I was at the Society of Financial Planners annual conference last week and the personal finance journalist Jill Kerby spoke about the public’s view and experiences of financial products. Looking from the inside out, I can see big changes and a lot more transparency than before but that obviously isn’t shared with the public.
Then today, someone asked on AskAboutMoney.com, where their money goes when they make a pension contribution. This shocked me that people put money away for years without knowing where it was going. So we are going to have a look at where your money goes when you join a pension scheme, explaining the main asset classes (types of investments) that you can invest in.
Stocks, shares and equities are all names for the same thing, shares in a company. When you become a shareholder, you own a small bit of that company and share in its rewards and losses. Pension funds are huge investors in the stock market, buying up large percentages of companies.
Typically, they invest in companies such as Apple, Microsoft, Johnson & Johnson. Large companies that sell products all over the world. A lot of the companies are US based because that is still the largest economy in the world but they will invest in companies in countries all over the world.
If you want, you can say you just want to invest in US companies or just European or Japanese companies or any region or just some sectors.
Bonds are loans to governments and companies. Instead of a government going to a bank and looking for a massive loan, they go to the stock market and look for loans, where they can get the loan for cheaper. They are interest only loans, with the capital paid back at the end of the loan term. Bonds are traded on a daily basis and the price goes up and down, so even if you are getting an annual interest payment (coupon), if you buy it at too high a price, you may not get your money back.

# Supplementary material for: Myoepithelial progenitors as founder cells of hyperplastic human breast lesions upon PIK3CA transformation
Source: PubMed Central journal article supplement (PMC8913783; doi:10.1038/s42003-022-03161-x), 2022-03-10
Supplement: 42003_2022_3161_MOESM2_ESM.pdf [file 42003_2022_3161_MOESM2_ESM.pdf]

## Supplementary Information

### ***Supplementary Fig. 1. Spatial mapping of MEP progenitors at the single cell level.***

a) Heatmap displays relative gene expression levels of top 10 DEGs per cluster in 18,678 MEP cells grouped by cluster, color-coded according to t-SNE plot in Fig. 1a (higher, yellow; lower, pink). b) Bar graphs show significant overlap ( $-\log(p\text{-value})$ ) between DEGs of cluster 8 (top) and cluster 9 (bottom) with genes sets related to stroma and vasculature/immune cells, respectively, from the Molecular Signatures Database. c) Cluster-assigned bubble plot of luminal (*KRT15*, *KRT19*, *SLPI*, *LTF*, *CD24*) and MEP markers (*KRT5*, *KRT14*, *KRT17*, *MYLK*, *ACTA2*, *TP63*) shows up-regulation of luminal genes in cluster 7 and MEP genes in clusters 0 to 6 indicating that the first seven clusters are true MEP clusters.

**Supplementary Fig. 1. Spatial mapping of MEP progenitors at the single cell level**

Again, you can just invest in just government bonds or just corporate bonds or ones from different regions. You can also buy bonds that are short term loans or longer term. All have different expected returns.
If you ever go to an retail park on the outskirts of a city, they are probably owned by a pension fund. Or a lot of the retail or office blocks in the main cities are also owned by pension funds. That is the scale of the level of the purchase power that these funds are at when it comes to purchasing property. They are looking for long leases for these properties so they don’t have a high turnover of tenants and changes to the property.
They tend to stay away from residential property but Irish Life recently made the news in buying residential apartments. They didn’t just buy some of the apartments in the old Notre Dame site in Churchtown, the bought every single one of them.
Property funds tend to be more localised and mainly invest in Ireland as that where their expertise is. Some funds invest in the UK too who have similar laws to us and we have seen some dip their toe into the European market. But without expertise on the ground, it is easy to make a mistake.
A cash fund in a pension doesn’t just place money on deposit. They will leave some money on deposit but will also used short term dated bonds and other money market instruments that are a cash equivalent.
There are lots of other funds available, some that are quite complex, so make sure you understand what you are investing in before you put your money into it. If you invest in quality funds over a long investment period, you will get ups and downs but you should make money in the long run. Keep it simple and don’t panic!
If you have any questions about your pension fund, send me an email at firstname.lastname@example.org